I wasn’t planning on writing anything else on the subject, so quickly, until I received a few comments, pointing out that I had made a terrible mistake, making me (for some) unworthy to write anything on the subject of transgender people.
On a “Feministing Community” website, I also came across the following devastating statement which firmly puts me in my place,
Using transgender as a noun is occasionally an ignorant, symptomatic mistake made by a careless writer. But more often, it’s an indicator of more issues: transgender or cross-dressing male to describe trans women, a she where a he is needed. It is indicative of a pattern of dehumanization, of degendering. How can a writer too lazy to check the AP style manual or question their own use of nouns and pronouns be trusted to write about trans issues? (The answer is systematic cissupremacy.)
In my last post, I “carelessly” referred to “transgenders” , without the use of a noun, such as “people” – unforgivable mistake, it seems.
Firstly, I would sincerely like to apologize to anyone who has been offended by my mistake. That was certainly not my intention and, I was only following my naive logic. Knowing that the word “gender” is a noun, describing someone who is male or female, I naturally assumed that “transgender” was also a noun, describing a person who didn’t belong to one of the aforementioned genders. Since, in my mind, “transgender” already describes a human being (how can you have a human gender, that isn’t human?), adding the word “person” seemed superfluous. Silly, wasn’t it…and illogical. And there I was, thinking that the world is uncomplicated.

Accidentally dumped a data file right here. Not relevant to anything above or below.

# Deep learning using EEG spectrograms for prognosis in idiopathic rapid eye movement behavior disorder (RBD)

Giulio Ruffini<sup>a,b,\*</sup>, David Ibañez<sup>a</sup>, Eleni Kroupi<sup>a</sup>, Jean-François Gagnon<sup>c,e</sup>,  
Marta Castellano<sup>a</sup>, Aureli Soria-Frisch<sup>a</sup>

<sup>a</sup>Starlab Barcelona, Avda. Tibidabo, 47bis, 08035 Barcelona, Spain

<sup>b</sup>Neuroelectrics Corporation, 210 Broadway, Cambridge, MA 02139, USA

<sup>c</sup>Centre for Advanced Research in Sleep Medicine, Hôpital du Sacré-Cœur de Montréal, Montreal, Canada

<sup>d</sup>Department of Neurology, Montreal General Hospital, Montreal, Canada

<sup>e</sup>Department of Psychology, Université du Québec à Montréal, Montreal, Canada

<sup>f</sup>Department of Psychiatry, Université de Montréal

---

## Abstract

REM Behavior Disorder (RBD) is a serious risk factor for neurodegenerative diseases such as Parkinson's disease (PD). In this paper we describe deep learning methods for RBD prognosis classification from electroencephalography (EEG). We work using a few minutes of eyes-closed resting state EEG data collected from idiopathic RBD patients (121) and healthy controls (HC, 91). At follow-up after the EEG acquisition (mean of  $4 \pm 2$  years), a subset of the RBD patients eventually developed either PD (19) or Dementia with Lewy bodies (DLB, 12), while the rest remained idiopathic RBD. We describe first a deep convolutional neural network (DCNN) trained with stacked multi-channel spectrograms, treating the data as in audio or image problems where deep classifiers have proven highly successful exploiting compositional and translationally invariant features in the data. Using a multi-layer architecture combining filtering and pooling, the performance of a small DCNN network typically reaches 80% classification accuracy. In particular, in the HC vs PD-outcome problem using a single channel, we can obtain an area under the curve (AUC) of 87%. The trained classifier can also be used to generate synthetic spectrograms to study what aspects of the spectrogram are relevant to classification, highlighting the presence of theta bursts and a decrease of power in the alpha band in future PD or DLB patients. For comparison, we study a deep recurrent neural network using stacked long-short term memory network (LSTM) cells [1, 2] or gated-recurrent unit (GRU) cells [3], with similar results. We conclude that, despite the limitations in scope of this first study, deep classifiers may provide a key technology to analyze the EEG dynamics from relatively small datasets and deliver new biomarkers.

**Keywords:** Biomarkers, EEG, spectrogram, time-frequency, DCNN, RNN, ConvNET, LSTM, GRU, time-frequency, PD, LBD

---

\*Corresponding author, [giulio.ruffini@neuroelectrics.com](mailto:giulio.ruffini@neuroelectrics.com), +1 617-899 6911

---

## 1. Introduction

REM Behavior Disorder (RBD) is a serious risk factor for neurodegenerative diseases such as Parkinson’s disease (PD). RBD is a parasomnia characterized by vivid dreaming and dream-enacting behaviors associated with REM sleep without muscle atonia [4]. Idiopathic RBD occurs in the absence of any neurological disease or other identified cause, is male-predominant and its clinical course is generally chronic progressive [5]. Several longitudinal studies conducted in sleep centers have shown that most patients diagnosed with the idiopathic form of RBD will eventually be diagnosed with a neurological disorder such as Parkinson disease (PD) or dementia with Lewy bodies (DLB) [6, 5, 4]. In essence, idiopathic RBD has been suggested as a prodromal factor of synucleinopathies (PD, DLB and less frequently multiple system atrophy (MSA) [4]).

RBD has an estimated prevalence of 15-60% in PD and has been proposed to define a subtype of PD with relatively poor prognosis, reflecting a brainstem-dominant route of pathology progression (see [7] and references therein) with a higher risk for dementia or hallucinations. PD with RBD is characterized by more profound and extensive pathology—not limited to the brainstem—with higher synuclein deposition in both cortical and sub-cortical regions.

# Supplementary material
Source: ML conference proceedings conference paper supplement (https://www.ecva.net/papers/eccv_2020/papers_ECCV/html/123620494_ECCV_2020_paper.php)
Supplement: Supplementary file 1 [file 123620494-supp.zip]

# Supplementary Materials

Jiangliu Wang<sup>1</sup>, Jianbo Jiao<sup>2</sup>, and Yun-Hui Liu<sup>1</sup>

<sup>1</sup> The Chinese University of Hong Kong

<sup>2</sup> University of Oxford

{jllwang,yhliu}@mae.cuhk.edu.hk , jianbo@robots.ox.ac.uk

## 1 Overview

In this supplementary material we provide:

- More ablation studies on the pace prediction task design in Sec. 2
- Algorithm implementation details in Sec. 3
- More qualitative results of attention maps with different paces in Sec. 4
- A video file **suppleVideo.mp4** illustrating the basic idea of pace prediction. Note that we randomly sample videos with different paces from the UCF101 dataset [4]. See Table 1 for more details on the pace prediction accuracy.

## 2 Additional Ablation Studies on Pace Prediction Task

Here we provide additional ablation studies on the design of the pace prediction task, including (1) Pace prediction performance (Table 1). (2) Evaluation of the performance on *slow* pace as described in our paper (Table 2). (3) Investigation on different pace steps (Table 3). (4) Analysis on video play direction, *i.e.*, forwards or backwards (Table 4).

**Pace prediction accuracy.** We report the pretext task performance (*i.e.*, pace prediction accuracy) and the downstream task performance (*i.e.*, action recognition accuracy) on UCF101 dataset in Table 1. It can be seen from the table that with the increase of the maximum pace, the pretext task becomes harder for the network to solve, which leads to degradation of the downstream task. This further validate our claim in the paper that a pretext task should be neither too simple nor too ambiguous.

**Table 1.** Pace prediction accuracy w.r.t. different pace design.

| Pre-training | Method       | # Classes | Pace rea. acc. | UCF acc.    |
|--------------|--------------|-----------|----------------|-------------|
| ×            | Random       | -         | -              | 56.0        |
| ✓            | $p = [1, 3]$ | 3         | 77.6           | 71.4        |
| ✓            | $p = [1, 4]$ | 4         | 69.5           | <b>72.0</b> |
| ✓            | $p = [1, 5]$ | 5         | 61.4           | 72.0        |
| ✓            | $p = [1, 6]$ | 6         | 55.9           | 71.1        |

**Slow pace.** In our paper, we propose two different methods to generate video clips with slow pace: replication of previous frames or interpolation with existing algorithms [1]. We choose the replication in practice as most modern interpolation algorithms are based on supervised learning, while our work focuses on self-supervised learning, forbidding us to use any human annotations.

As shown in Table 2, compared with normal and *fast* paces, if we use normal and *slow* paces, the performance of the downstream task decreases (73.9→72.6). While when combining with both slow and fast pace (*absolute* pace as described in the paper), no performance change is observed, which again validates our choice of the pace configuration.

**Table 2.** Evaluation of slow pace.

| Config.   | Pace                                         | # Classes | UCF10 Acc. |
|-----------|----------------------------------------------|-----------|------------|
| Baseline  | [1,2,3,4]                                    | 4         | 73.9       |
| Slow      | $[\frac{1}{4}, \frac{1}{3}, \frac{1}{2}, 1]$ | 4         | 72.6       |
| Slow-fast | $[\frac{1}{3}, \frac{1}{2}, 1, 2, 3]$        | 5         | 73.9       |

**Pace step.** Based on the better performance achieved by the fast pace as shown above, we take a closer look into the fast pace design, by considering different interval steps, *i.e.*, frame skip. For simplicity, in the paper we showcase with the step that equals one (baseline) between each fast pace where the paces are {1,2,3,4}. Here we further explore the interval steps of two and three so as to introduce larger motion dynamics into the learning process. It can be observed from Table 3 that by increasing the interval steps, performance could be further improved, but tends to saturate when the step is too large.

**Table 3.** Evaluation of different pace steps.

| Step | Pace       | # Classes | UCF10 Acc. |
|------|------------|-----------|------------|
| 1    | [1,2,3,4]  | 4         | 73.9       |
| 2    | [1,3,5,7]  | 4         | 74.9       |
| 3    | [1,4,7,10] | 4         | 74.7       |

One of the arguments, was that “ transgender” must be used as an adjective – there are no transgenders, only transgender people – and that using the word as a noun, is just as bad as referring to somebody as “a gay”. Furthermore, it is seen as highly offensive, to transgender people. The word “transgender”, used in this way, seems (i) denigrating and, (ii) to depict the transgender community as not comprising people, but purely defined by a gender denomination.
But is this argument as solid and as logical as it seems, especially when taking into account the wishes of the transgender community to be recognised, and its quest for gender equality?
What immediately springs to mind, is that describing someone as “a gay”, is not referring to gender, but to sexual preference, a trait that is not at all physically obvious. Used in these circumstances, “gay” has, most probably, insulting connotations. If the term “transgender” also described a sexual orientation, it too, would be insulting, when used as a noun. The fact is, though, that “transgender” denotes a gender, and not a sexual preference. Indeed, within the transgender community, individuals may be gay or lesbian.
On the Glaad Media Resource website, the term “transgender” is defined as follows,
Transgender (adj.) An umbrella term for people whose gender identity and/or gender expression differs from what is typically associated with the sex they were assigned at birth. People under the transgender umbrella may describe themselves using one or more of a wide variety of terms – including transgender. Some of those terms are defined below. Use the descriptive term preferred by the person. Many transgender people are prescribed hormones by their doctors to bring their bodies into alignment with their gender identity. Some undergo surgery as well. But not all transgender people can or will take those steps, and a transgender identity is not dependent upon physical appearance or medical procedures.
Whilst I understand that transgender people find themselves having to defend their status and rights, and are, more often than not, marginalised, I do feel that allowing transgender individuals to “describe themselves using one or more of a wide variety of terms” , does not help the cause, nor does it help others, to understand and accept transgender people.